PE File structure: Sections

We have already looked briefly at the the DOS and PE headers in the first post on Portable Executable format. In this post we’ll have a closer look at the sections in portable executable files. The bulk of the executable that contains code that the programmer codes lies in sections. The purpose of sections is to provide a logical and physical separation to the different parts of a program. It also helps while loading the executable file into memory during execution. Since different sections make access and loading in pages easier. The abstract view of a portable executable file is as shown in the figure: aa

As we can see most of the file consists of sections. It is important to know the different types and their importance. All PE files contain atleast 2 sections: the code and the data section. An application for Windows NT has 9 pre-defined sections named .text, .bss, .rdata, .data, .rsrc, .edata, .idata, .pdata and .debug. Not all applications need all the sections and some applications may need a different kind of section. The sections that are most commonly present in an executable are:

  • Executable Code Section (commonly named .text)
  • Data Sections (of which .data, .rdata, .bss are types)
  • Resources Section (commonly named .rsrc)
  • Export Data Section (commonly named .edata)
  • Import Data Section (commonly named .idata)
  • Debug Information Section (commonly named .debug)

Note that the names are not binding since the OS does not bother with the names of the sections and in fact discards the names. The operating system finds, extracts  and manages the different sections using a data structure known as the Section Table. The section table is an array of the  IMAGE_SECTION_HEADER structure, each of them containing information about one section. The information that the structure contains, includes but is not restricted to, the virtual size, virtual size and characteristic flags (which contain information about whether the section contains executable code or readable data,write permissions nd so on). The number of entries in the section table are therefore equal to the number of sections defined in the executable file. Let’s take a look at some of the sections:

Executable Code (Code\.text ) Section

This section contains all the code in one large section. Since modern OS use paging, having a larger unified code section makes it easier for both the OS and the programmer to manage and develop.This section contains the code from where execution starts and pointers to the import table.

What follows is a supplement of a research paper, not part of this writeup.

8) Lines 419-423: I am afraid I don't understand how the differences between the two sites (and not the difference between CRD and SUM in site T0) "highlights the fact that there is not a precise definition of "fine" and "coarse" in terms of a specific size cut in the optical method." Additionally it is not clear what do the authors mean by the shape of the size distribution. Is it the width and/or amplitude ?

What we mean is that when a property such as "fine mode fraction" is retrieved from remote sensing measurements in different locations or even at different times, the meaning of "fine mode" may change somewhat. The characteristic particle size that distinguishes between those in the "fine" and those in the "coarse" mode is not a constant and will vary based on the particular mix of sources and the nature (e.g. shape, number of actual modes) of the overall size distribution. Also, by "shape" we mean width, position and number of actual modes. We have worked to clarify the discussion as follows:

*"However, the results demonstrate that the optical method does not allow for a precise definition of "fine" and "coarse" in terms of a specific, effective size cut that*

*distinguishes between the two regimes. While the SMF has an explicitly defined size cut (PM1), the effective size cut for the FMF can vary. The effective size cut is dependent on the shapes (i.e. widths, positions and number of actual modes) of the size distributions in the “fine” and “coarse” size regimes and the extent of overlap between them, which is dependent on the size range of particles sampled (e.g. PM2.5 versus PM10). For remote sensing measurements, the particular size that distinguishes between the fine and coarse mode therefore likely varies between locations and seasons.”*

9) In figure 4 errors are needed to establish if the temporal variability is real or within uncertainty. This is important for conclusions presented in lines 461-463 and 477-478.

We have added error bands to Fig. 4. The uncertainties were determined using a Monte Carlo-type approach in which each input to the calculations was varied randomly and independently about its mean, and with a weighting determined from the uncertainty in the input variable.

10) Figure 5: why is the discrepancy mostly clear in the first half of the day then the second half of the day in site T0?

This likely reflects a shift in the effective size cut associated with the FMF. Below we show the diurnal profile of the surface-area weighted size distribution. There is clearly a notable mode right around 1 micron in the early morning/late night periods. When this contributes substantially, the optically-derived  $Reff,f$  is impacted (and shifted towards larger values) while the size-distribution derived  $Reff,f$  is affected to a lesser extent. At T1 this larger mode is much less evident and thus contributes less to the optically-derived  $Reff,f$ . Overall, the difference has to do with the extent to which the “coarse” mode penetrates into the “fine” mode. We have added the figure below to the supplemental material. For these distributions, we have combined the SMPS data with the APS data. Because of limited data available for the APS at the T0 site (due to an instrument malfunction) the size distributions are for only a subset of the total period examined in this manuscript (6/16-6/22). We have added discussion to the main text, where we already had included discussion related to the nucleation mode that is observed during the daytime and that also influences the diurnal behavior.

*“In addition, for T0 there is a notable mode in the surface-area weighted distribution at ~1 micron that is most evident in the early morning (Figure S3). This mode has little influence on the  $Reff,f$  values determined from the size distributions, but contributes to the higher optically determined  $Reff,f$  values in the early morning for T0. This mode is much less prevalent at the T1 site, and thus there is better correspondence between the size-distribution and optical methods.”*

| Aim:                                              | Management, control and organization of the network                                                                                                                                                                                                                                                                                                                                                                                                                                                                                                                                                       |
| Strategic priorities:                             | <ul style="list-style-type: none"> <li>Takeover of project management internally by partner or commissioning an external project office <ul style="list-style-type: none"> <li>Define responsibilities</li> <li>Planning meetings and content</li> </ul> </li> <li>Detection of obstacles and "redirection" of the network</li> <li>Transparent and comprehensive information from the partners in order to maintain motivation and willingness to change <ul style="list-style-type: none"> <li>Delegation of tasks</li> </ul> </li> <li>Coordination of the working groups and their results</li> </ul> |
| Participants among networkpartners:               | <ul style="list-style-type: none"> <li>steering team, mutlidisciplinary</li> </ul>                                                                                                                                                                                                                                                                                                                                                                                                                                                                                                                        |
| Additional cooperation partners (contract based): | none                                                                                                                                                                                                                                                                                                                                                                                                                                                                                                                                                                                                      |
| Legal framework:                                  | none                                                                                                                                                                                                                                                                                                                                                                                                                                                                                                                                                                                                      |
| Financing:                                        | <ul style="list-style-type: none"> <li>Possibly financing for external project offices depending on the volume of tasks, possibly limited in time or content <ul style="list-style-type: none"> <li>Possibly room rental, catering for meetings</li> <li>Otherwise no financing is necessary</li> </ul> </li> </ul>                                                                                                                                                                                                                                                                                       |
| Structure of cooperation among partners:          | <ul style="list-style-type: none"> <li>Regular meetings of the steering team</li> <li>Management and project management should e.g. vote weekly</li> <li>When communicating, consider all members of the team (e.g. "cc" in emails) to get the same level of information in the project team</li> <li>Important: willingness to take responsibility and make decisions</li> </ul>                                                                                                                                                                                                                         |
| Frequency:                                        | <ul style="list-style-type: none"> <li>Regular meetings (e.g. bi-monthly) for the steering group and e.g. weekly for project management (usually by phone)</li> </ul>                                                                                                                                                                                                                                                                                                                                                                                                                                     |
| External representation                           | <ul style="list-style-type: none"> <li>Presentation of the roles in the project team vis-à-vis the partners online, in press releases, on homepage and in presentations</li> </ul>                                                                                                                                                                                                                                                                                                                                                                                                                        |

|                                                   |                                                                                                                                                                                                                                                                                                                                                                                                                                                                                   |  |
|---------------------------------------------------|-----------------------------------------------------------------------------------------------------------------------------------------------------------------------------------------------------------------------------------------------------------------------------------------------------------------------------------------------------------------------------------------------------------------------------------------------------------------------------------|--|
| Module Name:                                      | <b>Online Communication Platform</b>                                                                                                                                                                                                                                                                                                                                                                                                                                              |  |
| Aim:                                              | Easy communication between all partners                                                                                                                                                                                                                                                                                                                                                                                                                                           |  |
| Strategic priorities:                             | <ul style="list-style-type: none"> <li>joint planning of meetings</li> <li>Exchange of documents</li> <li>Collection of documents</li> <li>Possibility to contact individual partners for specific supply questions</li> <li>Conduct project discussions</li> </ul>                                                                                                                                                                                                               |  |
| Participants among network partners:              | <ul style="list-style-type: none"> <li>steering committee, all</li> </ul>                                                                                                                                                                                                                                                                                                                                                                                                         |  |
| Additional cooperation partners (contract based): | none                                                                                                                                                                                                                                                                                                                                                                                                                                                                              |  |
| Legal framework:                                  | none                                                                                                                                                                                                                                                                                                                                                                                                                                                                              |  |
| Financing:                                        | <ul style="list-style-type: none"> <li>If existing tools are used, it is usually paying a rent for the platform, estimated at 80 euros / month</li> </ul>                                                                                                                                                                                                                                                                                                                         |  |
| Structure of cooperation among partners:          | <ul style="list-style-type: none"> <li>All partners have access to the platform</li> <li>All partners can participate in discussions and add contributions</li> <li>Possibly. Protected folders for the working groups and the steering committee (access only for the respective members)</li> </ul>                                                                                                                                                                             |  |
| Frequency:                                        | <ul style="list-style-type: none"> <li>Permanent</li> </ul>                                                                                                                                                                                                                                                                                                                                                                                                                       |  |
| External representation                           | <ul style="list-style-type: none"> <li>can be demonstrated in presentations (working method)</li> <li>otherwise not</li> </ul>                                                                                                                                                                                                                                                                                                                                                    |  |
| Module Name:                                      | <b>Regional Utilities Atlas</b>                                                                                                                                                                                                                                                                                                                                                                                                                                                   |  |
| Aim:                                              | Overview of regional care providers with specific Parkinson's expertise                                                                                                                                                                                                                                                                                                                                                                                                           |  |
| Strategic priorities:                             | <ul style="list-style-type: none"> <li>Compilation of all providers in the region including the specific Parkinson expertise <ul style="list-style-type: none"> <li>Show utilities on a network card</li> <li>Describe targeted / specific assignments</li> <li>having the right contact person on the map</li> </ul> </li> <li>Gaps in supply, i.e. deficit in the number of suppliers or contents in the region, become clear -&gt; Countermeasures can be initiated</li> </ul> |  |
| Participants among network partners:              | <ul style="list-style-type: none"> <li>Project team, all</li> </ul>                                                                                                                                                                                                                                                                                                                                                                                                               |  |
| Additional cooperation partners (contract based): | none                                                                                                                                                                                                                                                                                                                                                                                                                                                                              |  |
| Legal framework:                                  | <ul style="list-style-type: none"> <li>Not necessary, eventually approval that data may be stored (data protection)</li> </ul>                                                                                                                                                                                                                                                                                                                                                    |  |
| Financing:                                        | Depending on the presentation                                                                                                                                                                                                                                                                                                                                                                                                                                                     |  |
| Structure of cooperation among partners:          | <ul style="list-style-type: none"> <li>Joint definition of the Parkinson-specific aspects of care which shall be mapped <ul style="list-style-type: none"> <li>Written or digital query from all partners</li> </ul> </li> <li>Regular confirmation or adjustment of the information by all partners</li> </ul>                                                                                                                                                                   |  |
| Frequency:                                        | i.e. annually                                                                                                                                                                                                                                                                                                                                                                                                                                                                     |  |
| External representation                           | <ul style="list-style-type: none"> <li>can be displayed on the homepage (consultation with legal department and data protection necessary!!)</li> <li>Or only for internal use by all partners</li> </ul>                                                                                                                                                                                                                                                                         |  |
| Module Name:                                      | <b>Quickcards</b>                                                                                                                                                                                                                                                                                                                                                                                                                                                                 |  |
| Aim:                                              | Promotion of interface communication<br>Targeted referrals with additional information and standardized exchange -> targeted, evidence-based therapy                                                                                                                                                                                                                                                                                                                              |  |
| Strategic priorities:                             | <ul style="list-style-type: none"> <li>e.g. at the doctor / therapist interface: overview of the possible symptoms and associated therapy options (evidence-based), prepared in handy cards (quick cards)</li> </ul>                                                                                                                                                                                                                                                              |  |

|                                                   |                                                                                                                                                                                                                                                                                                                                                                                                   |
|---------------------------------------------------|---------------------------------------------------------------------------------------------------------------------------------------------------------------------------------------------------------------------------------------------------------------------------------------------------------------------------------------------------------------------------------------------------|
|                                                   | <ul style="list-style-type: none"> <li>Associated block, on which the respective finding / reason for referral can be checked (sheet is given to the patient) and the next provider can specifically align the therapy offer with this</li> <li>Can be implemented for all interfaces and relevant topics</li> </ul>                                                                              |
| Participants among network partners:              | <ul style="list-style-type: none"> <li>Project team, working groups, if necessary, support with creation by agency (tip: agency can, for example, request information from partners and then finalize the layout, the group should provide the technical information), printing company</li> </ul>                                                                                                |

Data Section

The .bss section type of data section represents uninitialized data. This is to reduce the size of the executable file. Since some variables may not have values until the program is executed, it becomes a waste of space to declare and allocate space in the executable file. Hence the .bss section is used to declare the variables in the memory during execution. The .rdata section contains data that is to be only readable, such as literal strings, constants and debug directory information. Data which does not fall into the any of the two above categories, falls into the .data section.

Resources Section

The .rsrc section  contains resource information for a module. The first 16 bytes compromises a header like other sections, but this section’s data is further structured into a hierarchy.

Export Section

The .edata section contains the Export Directory for an application or DLL. It basically contains the information about the names and addresses of exported functions. Dynamic Linked Libraries provide a way to modularize applications so the functions can be reused and reused more easily. This section contains a export directory that provides the address and offset of the functions to programs that import the DLL.

Import Section

The .idata section contains various  information about imported functions including the  Import Directory and Import Address Table. The most important of the structures defined in this section is the Import  Directory and the Import Address Table. The import section makes implementation of modularity easier. Since the DLL can be modified at any time, the import section protects the application from such changes.

Debug Information Section

Debug information is initially placed in the .debug section. The PE file format also supports separate debug files as a means of collecting debug information in a central location. This section contains the debug information.


Practical View using Assembly


The above program is assembly code, compiled using FASM. It’s visible that there have been three sections defined, note that there is also an import section defined in the file included. The executable file that is formed as a result of compiling the above is this:AssemblyHex

The screenshot basically shows the hex code version of the section table. We can see the name of the sections as defined in the code. Further posts detailing more intricate details of Portable Executable files is in the works.


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